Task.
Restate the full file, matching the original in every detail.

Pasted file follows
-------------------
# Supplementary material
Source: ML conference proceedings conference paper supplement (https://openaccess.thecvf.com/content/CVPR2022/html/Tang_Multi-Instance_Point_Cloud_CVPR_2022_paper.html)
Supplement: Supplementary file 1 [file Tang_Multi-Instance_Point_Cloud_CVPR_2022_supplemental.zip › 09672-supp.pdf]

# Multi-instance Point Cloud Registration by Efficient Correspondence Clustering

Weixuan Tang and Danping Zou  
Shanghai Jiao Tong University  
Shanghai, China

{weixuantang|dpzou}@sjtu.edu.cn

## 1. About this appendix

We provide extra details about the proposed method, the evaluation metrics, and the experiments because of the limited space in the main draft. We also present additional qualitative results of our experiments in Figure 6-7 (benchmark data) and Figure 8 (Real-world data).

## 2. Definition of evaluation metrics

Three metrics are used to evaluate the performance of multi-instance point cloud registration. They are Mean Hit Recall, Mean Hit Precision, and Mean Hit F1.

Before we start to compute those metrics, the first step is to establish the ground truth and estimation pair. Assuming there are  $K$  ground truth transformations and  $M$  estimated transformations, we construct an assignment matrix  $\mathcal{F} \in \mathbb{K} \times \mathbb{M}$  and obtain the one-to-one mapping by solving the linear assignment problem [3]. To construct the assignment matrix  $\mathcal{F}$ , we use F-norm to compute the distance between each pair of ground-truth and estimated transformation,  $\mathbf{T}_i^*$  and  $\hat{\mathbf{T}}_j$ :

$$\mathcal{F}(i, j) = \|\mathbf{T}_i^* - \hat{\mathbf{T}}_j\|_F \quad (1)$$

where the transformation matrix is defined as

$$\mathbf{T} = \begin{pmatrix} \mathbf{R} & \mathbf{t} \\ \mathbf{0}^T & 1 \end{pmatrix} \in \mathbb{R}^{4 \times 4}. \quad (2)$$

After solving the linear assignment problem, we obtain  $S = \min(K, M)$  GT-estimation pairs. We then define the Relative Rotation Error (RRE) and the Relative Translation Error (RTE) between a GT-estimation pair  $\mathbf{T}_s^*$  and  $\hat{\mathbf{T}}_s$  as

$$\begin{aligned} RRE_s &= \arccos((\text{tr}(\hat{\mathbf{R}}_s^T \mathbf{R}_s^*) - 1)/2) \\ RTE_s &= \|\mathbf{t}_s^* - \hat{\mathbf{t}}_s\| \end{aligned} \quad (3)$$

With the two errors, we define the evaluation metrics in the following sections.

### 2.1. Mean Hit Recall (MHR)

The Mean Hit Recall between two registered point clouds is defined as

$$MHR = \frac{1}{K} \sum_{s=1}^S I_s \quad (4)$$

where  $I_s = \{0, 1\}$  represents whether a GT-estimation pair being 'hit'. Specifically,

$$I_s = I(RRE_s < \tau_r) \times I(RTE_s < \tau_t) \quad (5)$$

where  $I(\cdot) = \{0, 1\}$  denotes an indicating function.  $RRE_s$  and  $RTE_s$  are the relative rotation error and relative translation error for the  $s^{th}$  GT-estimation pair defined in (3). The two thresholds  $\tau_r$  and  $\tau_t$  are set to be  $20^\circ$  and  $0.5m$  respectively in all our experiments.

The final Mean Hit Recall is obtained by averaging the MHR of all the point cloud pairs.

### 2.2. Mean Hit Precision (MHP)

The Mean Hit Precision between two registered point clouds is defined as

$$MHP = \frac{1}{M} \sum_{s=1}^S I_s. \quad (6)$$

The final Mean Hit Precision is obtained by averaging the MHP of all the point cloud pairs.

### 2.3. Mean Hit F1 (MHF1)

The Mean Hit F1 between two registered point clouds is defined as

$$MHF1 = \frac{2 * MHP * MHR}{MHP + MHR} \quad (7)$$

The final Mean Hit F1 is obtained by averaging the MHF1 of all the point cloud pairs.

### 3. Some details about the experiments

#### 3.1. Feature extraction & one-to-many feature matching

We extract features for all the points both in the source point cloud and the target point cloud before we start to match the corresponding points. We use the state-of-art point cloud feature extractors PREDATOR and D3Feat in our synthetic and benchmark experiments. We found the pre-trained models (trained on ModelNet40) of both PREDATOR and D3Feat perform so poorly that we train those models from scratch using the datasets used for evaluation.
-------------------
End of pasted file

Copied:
# Supplementary material
Source: ML conference proceedings conference paper supplement (https://openaccess.thecvf.com/content/CVPR2022/html/Tang_Multi-Instance_Point_Cloud_CVPR_2022_paper.html)
Supplement: Supplementary file 1 [file Tang_Multi-Instance_Point_Cloud_CVPR_2022_supplemental.zip › 09672-supp.pdf]

# Multi-instance Point Cloud Registration by Efficient Correspondence Clustering

Weixuan Tang and Danping Zou  
Shanghai Jiao Tong University  
Shanghai, China

{weixuantang|dpzou}@sjtu.edu.cn

## 1. About this appendix

We provide extra details about the proposed method, the evaluation metrics, and the experiments because of the limited space in the main draft. We also present additional qualitative results of our experiments in Figure 6-7 (benchmark data) and Figure 8 (Real-world data).

## 2. Definition of evaluation metrics

Three metrics are used to evaluate the performance of multi-instance point cloud registration. They are Mean Hit Recall, Mean Hit Precision, and Mean Hit F1.

Before we start to compute those metrics, the first step is to establish the ground truth and estimation pair. Assuming there are  $K$  ground truth transformations and  $M$  estimated transformations, we construct an assignment matrix  $\mathcal{F} \in \mathbb{K} \times \mathbb{M}$  and obtain the one-to-one mapping by solving the linear assignment problem [3]. To construct the assignment matrix  $\mathcal{F}$ , we use F-norm to compute the distance between each pair of ground-truth and estimated transformation,  $\mathbf{T}_i^*$  and  $\hat{\mathbf{T}}_j$ :

$$\mathcal{F}(i, j) = \|\mathbf{T}_i^* - \hat{\mathbf{T}}_j\|_F \quad (1)$$

where the transformation matrix is defined as

$$\mathbf{T} = \begin{pmatrix} \mathbf{R} & \mathbf{t} \\ \mathbf{0}^T & 1 \end{pmatrix} \in \mathbb{R}^{4 \times 4}. \quad (2)$$

After solving the linear assignment problem, we obtain  $S = \min(K, M)$  GT-estimation pairs. We then define the Relative Rotation Error (RRE) and the Relative Translation Error (RTE) between a GT-estimation pair  $\mathbf{T}_s^*$  and  $\hat{\mathbf{T}}_s$  as

$$\begin{aligned} RRE_s &= \arccos((\text{tr}(\hat{\mathbf{R}}_s^T \mathbf{R}_s^*) - 1)/2) \\ RTE_s &= \|\mathbf{t}_s^* - \hat{\mathbf{t}}_s\| \end{aligned} \quad (3)$$

With the two errors, we define the evaluation metrics in the following sections.

### 2.1. Mean Hit Recall (MHR)

The Mean Hit Recall between two registered point clouds is defined as

$$MHR = \frac{1}{K} \sum_{s=1}^S I_s \quad (4)$$

where  $I_s = \{0, 1\}$  represents whether a GT-estimation pair being 'hit'. Specifically,

$$I_s = I(RRE_s < \tau_r) \times I(RTE_s < \tau_t) \quad (5)$$

where  $I(\cdot) = \{0, 1\}$  denotes an indicating function.  $RRE_s$  and  $RTE_s$  are the relative rotation error and relative translation error for the  $s^{th}$  GT-estimation pair defined in (3). The two thresholds  $\tau_r$  and  $\tau_t$  are set to be  $20^\circ$  and  $0.5m$  respectively in all our experiments.

The final Mean Hit Recall is obtained by averaging the MHR of all the point cloud pairs.

### 2.2. Mean Hit Precision (MHP)

The Mean Hit Precision between two registered point clouds is defined as

$$MHP = \frac{1}{M} \sum_{s=1}^S I_s. \quad (6)$$

The final Mean Hit Precision is obtained by averaging the MHP of all the point cloud pairs.

### 2.3. Mean Hit F1 (MHF1)

The Mean Hit F1 between two registered point clouds is defined as

$$MHF1 = \frac{2 * MHP * MHR}{MHP + MHR} \quad (7)$$

The final Mean Hit F1 is obtained by averaging the MHF1 of all the point cloud pairs.

### 3. Some details about the experiments

#### 3.1. Feature extraction & one-to-many feature matching

We extract features for all the points both in the source point cloud and the target point cloud before we start to match the corresponding points. We use the state-of-art point cloud feature extractors PREDATOR and D3Feat in our synthetic and benchmark experiments. We found the pre-trained models (trained on ModelNet40) of both PREDATOR and D3Feat perform so poorly that we train those models from scratch using the datasets used for evaluation.